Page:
As a conservative, Texas American, I applaud England for having the guts to stand for herself. It reminds me of the England of the Blitz era.

    As a Christian, while I hold no ill will toward any peoples, I can say that that are many religions, cultures, views, idioms, etc. in this world that I could not hold to, support, encourage, etc.

    Barbara from Life & Faith in Caneyhead

  23. Rowena Post author

    It’s a tough one for me. I am verfy much a believer in equality and the cultural melting pot but while it’s one thing to venture out and exeprience that, there’s that line from the “Wizard of Oz”:”There’s no place like home.” It’s been awhile since I travelled overseas but I lived in Heidelberg in Germany for about 8 months back in 1992. I lived with a German family and went to an American Church and worked in a German plant nursery. I was the only Aussie around. It didn’t take long to realise that my sense of humour was more British and I didn’t gel so much with the American humour. I’m half German and I could see much of the German culture in my mother and came to understand her better. I also have Aboriginal extended family members and when I went and stayed with them, they also had quite a different sense of humour and I didn’t get their jokes.
    This all makes me feel that there’s a tipping point We like to feel at home in our own country and when immigration rises sharply and suddenly, that sense of home and your own culture can feel swamped. I also wonder if, once that sense of being swamped is felt, that tolerance of immigrants goes altogether. I went on an egg diet as a teen where I ate grapefruit and eggs for a few weeks and it took years for me to eat eggs again. I’d overdosed and so I had zero tolerance.

    Any thoughts? Thanks for getting me thinking! xx Rowena

  24. Rowena Post author

    That’s not my tea service. It’s a photo from a recent high tea I went to: However, I do collect antique and vintage china and just about anything else I can get my hands on. I don’t know if you’re familiar with Shelley but it’s Art Deco and I really love it.

  25. Rowena Post author

    I’ll have to look up the Libertarian Party. Souns interesting. We’ve got a fairly new party here called the Liberal Democrats whatever that means. I am intending to find out. I agree with you about subsidising the poor for what I don’t see as necessities. My phone is at least 10 years old. The car is a few years old but we also have a Morris Minor but that’s in a different league.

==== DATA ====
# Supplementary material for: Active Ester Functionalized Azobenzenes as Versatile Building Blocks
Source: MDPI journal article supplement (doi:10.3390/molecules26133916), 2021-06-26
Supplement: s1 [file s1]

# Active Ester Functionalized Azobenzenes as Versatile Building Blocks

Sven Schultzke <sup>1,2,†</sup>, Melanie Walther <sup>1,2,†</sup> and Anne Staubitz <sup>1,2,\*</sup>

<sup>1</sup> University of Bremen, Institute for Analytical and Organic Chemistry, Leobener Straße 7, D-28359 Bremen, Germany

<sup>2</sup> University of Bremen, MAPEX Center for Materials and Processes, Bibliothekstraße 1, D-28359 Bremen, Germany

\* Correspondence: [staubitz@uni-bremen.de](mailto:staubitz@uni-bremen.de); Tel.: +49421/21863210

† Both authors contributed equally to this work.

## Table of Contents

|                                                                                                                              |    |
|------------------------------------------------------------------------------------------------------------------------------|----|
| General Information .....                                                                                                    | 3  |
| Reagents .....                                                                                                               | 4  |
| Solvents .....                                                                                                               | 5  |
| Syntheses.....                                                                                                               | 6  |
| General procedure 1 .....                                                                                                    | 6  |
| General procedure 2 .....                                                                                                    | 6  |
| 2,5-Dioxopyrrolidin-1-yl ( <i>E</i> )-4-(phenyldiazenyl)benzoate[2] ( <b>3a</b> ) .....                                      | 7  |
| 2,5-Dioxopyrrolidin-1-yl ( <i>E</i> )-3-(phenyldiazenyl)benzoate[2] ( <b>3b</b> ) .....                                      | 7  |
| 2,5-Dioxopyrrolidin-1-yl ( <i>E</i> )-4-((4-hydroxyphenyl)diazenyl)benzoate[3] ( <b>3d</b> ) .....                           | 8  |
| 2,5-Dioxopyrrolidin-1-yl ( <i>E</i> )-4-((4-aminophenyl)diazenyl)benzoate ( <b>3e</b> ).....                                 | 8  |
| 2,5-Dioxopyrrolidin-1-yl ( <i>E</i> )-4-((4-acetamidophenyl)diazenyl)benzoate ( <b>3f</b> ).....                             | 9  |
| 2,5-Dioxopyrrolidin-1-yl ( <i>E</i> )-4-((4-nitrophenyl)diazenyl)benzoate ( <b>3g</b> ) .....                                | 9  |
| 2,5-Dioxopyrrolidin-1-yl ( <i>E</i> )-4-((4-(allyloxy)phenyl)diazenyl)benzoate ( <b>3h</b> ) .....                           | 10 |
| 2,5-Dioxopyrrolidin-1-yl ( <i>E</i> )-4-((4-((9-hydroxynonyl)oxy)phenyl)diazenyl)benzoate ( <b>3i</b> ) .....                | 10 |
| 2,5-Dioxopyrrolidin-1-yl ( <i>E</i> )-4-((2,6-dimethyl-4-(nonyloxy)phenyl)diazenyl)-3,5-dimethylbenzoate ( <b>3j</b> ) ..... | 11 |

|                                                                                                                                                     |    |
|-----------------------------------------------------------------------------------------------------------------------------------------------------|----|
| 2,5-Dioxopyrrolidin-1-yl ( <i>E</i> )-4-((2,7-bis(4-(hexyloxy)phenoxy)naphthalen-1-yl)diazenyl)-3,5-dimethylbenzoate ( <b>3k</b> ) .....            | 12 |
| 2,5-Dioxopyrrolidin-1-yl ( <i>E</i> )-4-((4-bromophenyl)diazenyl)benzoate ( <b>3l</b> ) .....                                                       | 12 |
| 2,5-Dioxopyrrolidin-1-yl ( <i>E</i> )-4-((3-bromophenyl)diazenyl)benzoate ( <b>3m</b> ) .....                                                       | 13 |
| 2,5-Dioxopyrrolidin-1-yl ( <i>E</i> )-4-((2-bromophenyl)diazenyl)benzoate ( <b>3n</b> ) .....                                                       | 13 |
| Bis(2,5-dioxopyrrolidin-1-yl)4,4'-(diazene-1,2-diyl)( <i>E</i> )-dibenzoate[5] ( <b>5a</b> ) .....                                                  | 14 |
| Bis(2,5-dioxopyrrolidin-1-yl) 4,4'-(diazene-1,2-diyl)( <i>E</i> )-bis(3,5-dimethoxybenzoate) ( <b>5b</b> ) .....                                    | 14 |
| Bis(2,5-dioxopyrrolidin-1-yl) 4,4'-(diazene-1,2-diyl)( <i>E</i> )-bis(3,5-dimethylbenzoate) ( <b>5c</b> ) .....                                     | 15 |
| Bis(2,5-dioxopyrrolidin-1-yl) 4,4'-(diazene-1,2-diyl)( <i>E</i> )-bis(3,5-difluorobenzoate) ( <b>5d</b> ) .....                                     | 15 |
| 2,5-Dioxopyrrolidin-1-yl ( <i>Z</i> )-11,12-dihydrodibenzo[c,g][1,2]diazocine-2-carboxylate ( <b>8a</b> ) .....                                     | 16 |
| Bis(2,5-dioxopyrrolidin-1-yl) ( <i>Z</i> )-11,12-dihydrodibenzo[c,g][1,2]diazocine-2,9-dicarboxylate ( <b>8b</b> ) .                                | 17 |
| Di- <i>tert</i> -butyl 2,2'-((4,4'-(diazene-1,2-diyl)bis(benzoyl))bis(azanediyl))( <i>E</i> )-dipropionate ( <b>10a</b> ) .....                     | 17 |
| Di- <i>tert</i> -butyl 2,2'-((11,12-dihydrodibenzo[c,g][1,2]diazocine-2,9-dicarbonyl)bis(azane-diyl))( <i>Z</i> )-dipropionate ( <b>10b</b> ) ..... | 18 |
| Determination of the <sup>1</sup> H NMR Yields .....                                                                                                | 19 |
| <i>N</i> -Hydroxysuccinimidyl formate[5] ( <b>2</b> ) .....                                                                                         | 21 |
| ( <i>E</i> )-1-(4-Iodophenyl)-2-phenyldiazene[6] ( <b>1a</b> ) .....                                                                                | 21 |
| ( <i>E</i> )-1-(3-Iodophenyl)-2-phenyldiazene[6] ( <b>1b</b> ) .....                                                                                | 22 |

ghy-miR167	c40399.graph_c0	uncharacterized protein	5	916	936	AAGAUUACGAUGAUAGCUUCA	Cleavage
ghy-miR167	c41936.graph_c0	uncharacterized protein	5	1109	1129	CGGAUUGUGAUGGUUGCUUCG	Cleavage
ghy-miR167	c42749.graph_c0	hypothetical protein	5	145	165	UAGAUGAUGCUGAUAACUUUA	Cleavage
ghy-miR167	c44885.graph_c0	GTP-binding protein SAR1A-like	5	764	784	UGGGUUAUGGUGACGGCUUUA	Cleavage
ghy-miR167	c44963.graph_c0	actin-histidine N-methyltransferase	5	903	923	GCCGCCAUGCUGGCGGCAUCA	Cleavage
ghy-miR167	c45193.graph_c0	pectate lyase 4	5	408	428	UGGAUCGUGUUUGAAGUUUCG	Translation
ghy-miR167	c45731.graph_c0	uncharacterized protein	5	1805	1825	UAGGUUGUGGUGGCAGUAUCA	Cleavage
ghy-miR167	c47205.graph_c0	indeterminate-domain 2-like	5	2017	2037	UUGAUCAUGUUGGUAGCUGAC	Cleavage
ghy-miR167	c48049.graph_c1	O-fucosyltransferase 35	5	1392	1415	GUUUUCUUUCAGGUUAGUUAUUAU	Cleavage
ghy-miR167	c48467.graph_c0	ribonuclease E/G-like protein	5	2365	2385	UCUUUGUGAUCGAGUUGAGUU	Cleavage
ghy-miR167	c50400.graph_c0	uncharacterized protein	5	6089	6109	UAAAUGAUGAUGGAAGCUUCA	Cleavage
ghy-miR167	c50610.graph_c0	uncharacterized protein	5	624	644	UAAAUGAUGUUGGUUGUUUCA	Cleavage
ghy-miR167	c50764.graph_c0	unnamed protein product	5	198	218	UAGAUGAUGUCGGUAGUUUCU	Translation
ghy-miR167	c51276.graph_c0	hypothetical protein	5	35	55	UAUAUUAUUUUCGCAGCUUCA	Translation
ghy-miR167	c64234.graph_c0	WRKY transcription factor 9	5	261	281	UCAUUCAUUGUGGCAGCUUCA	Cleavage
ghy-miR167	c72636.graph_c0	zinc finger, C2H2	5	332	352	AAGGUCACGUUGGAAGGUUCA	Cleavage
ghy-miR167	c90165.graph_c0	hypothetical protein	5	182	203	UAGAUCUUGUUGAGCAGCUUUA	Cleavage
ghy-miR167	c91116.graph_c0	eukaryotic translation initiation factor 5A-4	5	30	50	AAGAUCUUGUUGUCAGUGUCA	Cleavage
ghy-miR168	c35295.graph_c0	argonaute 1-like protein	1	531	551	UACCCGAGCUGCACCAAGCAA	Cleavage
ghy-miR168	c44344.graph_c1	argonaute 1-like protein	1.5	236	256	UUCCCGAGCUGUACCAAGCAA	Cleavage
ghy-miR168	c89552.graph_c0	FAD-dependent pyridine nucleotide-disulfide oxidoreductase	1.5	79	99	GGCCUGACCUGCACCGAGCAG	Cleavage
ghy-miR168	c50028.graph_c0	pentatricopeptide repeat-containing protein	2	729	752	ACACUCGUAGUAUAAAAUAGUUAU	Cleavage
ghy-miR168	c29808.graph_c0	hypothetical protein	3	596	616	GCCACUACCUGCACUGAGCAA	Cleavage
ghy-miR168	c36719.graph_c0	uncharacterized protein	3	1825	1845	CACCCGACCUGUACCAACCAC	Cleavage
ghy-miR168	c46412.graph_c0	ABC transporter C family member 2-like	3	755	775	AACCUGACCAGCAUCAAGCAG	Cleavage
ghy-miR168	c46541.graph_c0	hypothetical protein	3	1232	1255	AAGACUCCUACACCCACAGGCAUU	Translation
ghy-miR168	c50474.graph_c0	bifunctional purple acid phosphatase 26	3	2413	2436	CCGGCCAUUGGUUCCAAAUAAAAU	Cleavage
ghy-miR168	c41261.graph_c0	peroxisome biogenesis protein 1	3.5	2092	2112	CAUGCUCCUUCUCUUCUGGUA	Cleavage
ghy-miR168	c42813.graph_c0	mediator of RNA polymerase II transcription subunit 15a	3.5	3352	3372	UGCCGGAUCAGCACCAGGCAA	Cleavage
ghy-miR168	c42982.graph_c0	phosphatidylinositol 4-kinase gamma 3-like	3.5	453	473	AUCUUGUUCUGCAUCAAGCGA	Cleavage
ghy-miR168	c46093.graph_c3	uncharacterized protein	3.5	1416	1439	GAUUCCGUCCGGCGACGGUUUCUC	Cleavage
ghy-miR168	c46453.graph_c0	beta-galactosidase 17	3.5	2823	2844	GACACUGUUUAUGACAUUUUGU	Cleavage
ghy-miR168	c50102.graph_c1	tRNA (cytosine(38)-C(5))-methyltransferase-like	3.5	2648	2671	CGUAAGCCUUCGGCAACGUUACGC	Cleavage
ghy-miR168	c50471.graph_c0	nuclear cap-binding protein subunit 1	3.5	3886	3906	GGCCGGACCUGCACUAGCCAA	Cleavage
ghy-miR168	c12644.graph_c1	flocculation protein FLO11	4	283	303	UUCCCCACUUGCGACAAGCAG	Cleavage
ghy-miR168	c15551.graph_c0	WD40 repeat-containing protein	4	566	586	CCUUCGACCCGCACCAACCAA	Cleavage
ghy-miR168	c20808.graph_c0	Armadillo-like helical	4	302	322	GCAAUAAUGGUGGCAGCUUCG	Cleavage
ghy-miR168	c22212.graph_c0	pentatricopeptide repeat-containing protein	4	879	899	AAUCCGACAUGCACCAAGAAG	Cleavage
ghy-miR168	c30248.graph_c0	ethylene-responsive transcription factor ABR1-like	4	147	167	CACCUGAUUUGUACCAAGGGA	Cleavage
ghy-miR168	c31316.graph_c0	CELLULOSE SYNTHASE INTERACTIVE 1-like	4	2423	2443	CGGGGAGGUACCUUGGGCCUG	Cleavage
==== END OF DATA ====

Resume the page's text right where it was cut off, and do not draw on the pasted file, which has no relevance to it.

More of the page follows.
By the way, a stray hat wandered by outside as soon as I started chatting to you and Lady of course had to bark. Bilbo must have made a mid year’s resolution not to bark at cats because he usually goes troppo!

  26. annabellefranklinauthor

    Ha ha! McDunk have also brought out Brexit breakfast cereal – little puffs of wheat in the shape of Nigel Farage’s head. Seriously, I think Brexit is a disaster. So many people believed the lies and voted to leave, and are regretting it now. Including my mother.

  27. mistybooks

    Well, I just blogged again. It probably won’t go down well, but hey so what. As a Brexiteer I am being demonised as a xenophobic little Englander. People are bemoaning the fact that they have lost their status as an EU citizen.
    Personally I quite pleased to regain my former position as a citizen of the world rather than a member of that federalist corporate club with no ambition other than to regulate everything in sight.
    So hey, blame me if you like people, but like you I believe I’m right and you’re wrong.
    Only time will tell.
    Incidentally I am all in favour of Australia freeing themselves from the Commonwealth if that’s what they want to do – I’m big into leaving at the moment. Try the blog – you might like it.

  28. Rowena Post author

    Thanks for being honest and taking a stand for your beliefs. I think most of us want to feel at home in our country of birth, whether we’re first generation or our family has been there for a long time. When you get an influx of migrants into any place, that sense of home is going to go. I don’t think that makes people racist but it does pose an argument for spreading immigrants around to ease them in. I’ve never lived in the EU and Australia is a long way away so I can’t really appreciate the situation well enough. What concerns me is that in the wake of terrorist attacks, there’s a global risk of radicals seizing power legitimately or through force. In Australia, One Nation’s founder Pauline Hanson and the party have had a resurgence and there’s Trump in the States. I just think we need to tread carefully.
    As far as the Commonwealth is concerned, I don’t know why it exists anymore but clearly I need to find out.
    I’ve checked out your blog and enjoyed it.
    xx Rowena

  29. Pingback: Dangerous Influence of Biscuits for Well being - One Week Slim